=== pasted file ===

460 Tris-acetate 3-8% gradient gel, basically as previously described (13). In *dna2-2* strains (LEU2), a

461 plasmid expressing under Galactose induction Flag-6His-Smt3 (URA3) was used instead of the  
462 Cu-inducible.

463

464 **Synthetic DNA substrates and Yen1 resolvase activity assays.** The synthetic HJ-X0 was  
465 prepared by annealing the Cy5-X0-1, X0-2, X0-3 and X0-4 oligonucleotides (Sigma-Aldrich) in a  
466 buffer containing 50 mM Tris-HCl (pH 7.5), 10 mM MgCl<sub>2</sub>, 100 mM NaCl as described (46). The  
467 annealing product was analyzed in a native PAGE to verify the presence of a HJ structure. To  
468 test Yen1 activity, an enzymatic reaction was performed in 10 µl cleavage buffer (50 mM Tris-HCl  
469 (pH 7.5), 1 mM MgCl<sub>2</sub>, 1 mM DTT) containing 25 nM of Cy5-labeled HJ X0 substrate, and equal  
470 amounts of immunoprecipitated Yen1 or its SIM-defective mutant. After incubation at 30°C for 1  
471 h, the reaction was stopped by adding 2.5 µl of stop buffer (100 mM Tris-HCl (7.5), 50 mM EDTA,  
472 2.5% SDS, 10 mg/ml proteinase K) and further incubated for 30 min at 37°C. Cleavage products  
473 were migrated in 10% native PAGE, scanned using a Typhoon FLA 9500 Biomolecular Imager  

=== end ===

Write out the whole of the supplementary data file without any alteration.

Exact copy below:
460 Tris-acetate 3-8% gradient gel, basically as previously described (13). In *dna2-2* strains (LEU2), a

461 plasmid expressing under Galactose induction Flag-6His-Smt3 (URA3) was used instead of the  
462 Cu-inducible.

463

464 **Synthetic DNA substrates and Yen1 resolvase activity assays.** The synthetic HJ-X0 was  
465 prepared by annealing the Cy5-X0-1, X0-2, X0-3 and X0-4 oligonucleotides (Sigma-Aldrich) in a  
466 buffer containing 50 mM Tris-HCl (pH 7.5), 10 mM MgCl<sub>2</sub>, 100 mM NaCl as described (46). The  
467 annealing product was analyzed in a native PAGE to verify the presence of a HJ structure. To  
468 test Yen1 activity, an enzymatic reaction was performed in 10 µl cleavage buffer (50 mM Tris-HCl  
469 (pH 7.5), 1 mM MgCl<sub>2</sub>, 1 mM DTT) containing 25 nM of Cy5-labeled HJ X0 substrate, and equal  
470 amounts of immunoprecipitated Yen1 or its SIM-defective mutant. After incubation at 30°C for 1  
471 h, the reaction was stopped by adding 2.5 µl of stop buffer (100 mM Tris-HCl (7.5), 50 mM EDTA,  
472 2.5% SDS, 10 mg/ml proteinase K) and further incubated for 30 min at 37°C. Cleavage products  
473 were migrated in 10% native PAGE, scanned using a Typhoon FLA 9500 Biomolecular Imager  